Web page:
Having worked on collective politics from a more social-movements perspective in Bolivia, I became interested in trade unionism. My work in Bolivia emphasised collective mobilisation and collective politics based on residence and on occupation, with part of my book (El Alto, Rebel City) focussing on the Federation of Street Vendors of the city of El Alto. I see this as an excellent example of a ‘new’, or at least unexpected kind of trade unionism, namely that of workers in the informal sector. Picking up on that interest in collective organisation based on occupation, I subsequently switched field site, to explore unions in a highly formalised sector of the economy, in Argentina.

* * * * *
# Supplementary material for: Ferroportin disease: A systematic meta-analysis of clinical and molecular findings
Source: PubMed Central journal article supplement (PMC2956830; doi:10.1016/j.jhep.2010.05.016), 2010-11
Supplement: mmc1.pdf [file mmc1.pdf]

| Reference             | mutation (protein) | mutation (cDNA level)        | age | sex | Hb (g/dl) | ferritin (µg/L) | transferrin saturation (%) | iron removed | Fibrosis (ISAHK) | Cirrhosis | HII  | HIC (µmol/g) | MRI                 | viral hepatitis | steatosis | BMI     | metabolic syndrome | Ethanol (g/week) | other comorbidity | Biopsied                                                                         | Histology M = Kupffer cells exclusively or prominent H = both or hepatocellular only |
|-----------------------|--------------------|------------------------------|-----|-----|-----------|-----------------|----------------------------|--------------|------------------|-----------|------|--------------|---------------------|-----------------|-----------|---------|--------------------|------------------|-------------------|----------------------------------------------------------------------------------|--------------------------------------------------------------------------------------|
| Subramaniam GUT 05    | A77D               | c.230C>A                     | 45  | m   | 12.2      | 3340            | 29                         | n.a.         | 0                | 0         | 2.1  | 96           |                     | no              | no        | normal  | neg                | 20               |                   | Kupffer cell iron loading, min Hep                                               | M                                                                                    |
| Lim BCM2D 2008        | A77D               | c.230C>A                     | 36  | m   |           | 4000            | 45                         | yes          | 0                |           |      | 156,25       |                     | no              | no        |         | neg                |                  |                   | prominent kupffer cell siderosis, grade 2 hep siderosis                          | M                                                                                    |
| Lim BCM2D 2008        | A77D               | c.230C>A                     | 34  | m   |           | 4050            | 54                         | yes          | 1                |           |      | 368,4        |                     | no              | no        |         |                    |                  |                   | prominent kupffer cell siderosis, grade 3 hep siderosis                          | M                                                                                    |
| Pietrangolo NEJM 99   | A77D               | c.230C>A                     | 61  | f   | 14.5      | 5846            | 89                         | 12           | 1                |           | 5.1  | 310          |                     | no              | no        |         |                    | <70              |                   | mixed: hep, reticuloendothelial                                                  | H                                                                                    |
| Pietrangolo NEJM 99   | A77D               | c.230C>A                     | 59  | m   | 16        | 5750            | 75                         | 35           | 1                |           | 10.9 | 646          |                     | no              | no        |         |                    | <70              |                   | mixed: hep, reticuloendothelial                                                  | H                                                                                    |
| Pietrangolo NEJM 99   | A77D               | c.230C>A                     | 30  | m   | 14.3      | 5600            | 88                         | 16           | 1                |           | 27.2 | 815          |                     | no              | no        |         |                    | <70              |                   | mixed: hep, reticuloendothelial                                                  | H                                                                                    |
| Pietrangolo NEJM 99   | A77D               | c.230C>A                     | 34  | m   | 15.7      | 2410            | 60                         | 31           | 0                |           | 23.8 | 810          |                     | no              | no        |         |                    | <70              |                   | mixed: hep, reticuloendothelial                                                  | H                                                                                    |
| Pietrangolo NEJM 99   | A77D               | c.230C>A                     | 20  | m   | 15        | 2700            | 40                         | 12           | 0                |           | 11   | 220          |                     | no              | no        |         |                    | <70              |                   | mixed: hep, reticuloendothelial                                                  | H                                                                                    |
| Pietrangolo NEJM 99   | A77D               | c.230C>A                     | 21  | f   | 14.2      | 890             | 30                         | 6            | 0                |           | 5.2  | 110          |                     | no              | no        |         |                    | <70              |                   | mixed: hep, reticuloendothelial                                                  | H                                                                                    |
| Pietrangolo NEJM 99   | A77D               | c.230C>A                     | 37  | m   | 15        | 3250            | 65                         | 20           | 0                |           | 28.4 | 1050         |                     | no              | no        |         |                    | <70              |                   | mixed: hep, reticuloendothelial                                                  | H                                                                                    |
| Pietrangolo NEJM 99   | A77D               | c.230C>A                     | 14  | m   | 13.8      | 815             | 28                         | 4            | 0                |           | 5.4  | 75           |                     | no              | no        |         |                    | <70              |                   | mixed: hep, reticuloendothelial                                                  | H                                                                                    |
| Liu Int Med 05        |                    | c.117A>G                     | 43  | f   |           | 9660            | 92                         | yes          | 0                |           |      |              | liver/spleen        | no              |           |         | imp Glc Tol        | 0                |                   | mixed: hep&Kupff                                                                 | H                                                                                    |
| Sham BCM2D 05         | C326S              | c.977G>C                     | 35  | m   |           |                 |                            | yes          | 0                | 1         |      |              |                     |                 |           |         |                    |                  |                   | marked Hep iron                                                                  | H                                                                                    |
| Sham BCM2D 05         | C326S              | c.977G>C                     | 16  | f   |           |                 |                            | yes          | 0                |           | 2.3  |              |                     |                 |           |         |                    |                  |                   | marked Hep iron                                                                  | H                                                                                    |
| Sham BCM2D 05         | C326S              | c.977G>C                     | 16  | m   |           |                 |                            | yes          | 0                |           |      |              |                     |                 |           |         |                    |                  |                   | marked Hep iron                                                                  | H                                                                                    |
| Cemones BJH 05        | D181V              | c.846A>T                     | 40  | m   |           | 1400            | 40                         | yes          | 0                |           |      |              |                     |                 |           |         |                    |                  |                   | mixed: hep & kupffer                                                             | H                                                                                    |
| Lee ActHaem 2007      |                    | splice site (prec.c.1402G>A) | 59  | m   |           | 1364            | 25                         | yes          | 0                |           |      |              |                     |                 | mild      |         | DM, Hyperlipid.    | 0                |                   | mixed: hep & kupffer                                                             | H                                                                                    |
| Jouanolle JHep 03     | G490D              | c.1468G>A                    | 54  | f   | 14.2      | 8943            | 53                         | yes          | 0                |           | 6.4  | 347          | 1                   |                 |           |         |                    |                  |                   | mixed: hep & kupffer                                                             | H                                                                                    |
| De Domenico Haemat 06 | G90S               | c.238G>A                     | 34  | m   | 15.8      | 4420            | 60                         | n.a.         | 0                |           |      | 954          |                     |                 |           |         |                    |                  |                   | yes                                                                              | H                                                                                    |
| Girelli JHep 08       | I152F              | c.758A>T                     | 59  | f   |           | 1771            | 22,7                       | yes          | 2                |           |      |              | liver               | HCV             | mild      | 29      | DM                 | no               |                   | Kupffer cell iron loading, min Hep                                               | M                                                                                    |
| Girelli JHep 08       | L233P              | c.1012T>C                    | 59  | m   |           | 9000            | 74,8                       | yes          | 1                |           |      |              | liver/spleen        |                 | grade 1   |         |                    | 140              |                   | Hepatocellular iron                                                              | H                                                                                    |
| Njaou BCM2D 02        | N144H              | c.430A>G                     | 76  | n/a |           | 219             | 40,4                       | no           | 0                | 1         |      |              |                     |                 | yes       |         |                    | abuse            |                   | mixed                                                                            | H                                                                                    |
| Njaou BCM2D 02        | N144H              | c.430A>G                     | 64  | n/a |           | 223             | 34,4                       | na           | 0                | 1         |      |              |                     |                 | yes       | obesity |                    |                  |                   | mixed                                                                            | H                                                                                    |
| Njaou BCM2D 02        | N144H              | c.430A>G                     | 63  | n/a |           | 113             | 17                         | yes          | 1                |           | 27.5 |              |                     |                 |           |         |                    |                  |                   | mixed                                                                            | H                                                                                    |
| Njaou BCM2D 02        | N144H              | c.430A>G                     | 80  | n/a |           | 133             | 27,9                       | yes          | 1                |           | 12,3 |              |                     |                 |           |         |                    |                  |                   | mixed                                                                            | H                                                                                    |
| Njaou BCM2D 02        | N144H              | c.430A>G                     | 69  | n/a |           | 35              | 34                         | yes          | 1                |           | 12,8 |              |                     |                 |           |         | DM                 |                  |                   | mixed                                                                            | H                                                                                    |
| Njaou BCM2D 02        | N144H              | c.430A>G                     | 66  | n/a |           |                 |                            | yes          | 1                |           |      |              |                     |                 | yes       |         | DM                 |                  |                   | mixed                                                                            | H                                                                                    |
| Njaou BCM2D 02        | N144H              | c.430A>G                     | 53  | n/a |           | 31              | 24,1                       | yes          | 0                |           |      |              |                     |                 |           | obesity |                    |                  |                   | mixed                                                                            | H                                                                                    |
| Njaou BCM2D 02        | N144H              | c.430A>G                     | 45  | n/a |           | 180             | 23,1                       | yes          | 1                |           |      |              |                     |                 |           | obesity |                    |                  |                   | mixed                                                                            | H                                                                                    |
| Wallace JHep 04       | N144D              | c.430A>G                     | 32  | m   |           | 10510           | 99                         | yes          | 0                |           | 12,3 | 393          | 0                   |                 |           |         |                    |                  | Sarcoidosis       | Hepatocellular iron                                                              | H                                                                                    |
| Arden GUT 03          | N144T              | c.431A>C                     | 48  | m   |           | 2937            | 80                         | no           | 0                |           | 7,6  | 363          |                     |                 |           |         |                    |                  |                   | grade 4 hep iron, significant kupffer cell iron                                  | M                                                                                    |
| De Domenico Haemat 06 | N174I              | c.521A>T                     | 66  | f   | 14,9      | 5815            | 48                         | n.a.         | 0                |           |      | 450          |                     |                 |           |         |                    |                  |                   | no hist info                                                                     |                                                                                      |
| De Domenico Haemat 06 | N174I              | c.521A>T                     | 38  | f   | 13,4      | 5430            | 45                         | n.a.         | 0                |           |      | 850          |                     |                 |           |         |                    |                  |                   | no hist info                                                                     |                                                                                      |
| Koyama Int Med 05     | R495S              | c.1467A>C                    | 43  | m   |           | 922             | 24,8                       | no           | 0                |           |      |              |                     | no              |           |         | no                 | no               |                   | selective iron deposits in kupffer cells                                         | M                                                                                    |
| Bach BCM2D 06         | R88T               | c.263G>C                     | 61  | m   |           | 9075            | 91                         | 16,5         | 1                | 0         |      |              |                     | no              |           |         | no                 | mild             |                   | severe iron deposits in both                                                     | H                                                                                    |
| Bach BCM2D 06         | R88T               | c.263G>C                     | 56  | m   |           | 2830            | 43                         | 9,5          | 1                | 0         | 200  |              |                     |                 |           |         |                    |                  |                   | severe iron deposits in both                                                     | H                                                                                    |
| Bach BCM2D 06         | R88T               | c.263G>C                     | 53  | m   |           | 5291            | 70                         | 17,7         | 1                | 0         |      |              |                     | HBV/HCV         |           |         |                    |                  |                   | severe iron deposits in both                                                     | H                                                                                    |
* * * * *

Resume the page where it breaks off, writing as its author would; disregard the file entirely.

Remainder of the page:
Argentine trade unions are a fascinating field, in part because of a history of (often contested) support for the Peronist movement from the 1940s onwards. In a world where – the story goes – structural adjustment irrevocably weakened classic trade unions and new forms of social movements emerged in their stead, the persistence and even recent resurgence of trade unions in Argentina is noteworthy, if not actually as unusual as some think. For more details about my trade union project, see here.
State employees are a really interesting group of workers when it comes to trade unionism: lots of questions, such as how to negotiate when the state is employer – because the triangle capital–labour–state (as mediator) collapses explicitly. Also, self-identification as a worker is complex, when state employees can range from atomic engineers to those in more classically working class occupations such as miners. How does a single organisation represent all these people?
ATE produced a calendar in 2010 to celebrate their 85th anniversary; the images of different kinds of state workers are very striking.